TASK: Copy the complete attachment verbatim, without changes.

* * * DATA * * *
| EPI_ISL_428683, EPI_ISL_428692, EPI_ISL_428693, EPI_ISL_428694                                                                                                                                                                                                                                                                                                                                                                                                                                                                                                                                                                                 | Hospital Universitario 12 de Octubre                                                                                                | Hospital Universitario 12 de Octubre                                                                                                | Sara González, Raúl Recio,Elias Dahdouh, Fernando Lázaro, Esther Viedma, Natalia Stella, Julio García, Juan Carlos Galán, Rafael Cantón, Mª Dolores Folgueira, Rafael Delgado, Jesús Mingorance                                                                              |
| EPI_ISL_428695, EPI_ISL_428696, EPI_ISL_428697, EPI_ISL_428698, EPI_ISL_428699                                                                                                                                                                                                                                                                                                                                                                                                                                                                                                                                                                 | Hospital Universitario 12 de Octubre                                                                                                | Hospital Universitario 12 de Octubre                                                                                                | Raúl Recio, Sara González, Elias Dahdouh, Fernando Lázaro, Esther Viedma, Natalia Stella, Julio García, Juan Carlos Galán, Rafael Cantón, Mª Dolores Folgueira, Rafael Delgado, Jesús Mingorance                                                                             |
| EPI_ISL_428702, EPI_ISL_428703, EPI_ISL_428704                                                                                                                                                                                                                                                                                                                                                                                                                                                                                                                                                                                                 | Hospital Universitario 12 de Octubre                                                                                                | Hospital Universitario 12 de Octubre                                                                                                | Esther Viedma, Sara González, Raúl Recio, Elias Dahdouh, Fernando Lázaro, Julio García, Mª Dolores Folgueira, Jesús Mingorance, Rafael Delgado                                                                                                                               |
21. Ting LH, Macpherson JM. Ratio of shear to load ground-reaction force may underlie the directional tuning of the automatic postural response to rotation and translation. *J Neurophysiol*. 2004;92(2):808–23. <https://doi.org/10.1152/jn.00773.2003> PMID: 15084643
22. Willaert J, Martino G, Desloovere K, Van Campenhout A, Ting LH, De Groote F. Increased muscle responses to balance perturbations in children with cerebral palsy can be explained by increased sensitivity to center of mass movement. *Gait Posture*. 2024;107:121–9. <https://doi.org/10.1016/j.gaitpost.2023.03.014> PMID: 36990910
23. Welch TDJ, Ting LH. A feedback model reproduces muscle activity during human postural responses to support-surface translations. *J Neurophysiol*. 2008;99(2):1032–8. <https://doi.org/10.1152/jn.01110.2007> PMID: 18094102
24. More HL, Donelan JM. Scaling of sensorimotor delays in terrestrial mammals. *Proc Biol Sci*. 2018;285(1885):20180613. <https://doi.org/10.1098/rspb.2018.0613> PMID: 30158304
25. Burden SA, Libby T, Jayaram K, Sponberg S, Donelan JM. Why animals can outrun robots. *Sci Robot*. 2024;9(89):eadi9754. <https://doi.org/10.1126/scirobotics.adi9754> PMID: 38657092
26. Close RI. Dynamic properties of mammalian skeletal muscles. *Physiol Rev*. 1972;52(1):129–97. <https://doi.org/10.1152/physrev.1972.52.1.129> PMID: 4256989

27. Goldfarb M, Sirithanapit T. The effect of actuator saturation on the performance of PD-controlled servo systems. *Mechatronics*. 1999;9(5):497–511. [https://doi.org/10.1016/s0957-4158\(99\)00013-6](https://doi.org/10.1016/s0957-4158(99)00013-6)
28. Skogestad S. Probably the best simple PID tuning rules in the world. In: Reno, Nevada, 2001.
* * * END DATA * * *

| EPI_ISL_428683, EPI_ISL_428692, EPI_ISL_428693, EPI_ISL_428694                                                                                                                                                                                                                                                                                                                                                                                                                                                                                                                                                                                 | Hospital Universitario 12 de Octubre                                                                                                | Hospital Universitario 12 de Octubre                                                                                                | Sara González, Raúl Recio,Elias Dahdouh, Fernando Lázaro, Esther Viedma, Natalia Stella, Julio García, Juan Carlos Galán, Rafael Cantón, Mª Dolores Folgueira, Rafael Delgado, Jesús Mingorance                                                                              |
| EPI_ISL_428695, EPI_ISL_428696, EPI_ISL_428697, EPI_ISL_428698, EPI_ISL_428699                                                                                                                                                                                                                                                                                                                                                                                                                                                                                                                                                                 | Hospital Universitario 12 de Octubre                                                                                                | Hospital Universitario 12 de Octubre                                                                                                | Raúl Recio, Sara González, Elias Dahdouh, Fernando Lázaro, Esther Viedma, Natalia Stella, Julio García, Juan Carlos Galán, Rafael Cantón, Mª Dolores Folgueira, Rafael Delgado, Jesús Mingorance                                                                             |
| EPI_ISL_428702, EPI_ISL_428703, EPI_ISL_428704                                                                                                                                                                                                                                                                                                                                                                                                                                                                                                                                                                                                 | Hospital Universitario 12 de Octubre                                                                                                | Hospital Universitario 12 de Octubre                                                                                                | Esther Viedma, Sara González, Raúl Recio, Elias Dahdouh, Fernando Lázaro, Julio García, Mª Dolores Folgueira, Jesús Mingorance, Rafael Delgado                                                                                                                               |
21. Ting LH, Macpherson JM. Ratio of shear to load ground-reaction force may underlie the directional tuning of the automatic postural response to rotation and translation. *J Neurophysiol*. 2004;92(2):808–23. <https://doi.org/10.1152/jn.00773.2003> PMID: 15084643
22. Willaert J, Martino G, Desloovere K, Van Campenhout A, Ting LH, De Groote F. Increased muscle responses to balance perturbations in children with cerebral palsy can be explained by increased sensitivity to center of mass movement. *Gait Posture*. 2024;107:121–9. <https://doi.org/10.1016/j.gaitpost.2023.03.014> PMID: 36990910
23. Welch TDJ, Ting LH. A feedback model reproduces muscle activity during human postural responses to support-surface translations. *J Neurophysiol*. 2008;99(2):1032–8. <https://doi.org/10.1152/jn.01110.2007> PMID: 18094102
24. More HL, Donelan JM. Scaling of sensorimotor delays in terrestrial mammals. *Proc Biol Sci*. 2018;285(1885):20180613. <https://doi.org/10.1098/rspb.2018.0613> PMID: 30158304
25. Burden SA, Libby T, Jayaram K, Sponberg S, Donelan JM. Why animals can outrun robots. *Sci Robot*. 2024;9(89):eadi9754. <https://doi.org/10.1126/scirobotics.adi9754> PMID: 38657092
26. Close RI. Dynamic properties of mammalian skeletal muscles. *Physiol Rev*. 1972;52(1):129–97. <https://doi.org/10.1152/physrev.1972.52.1.129> PMID: 4256989

27. Goldfarb M, Sirithanapit T. The effect of actuator saturation on the performance of PD-controlled servo systems. *Mechatronics*. 1999;9(5):497–511. [https://doi.org/10.1016/s0957-4158\(99\)00013-6](https://doi.org/10.1016/s0957-4158(99)00013-6)
28. Skogestad S. Probably the best simple PID tuning rules in the world. In: Reno, Nevada, 2001.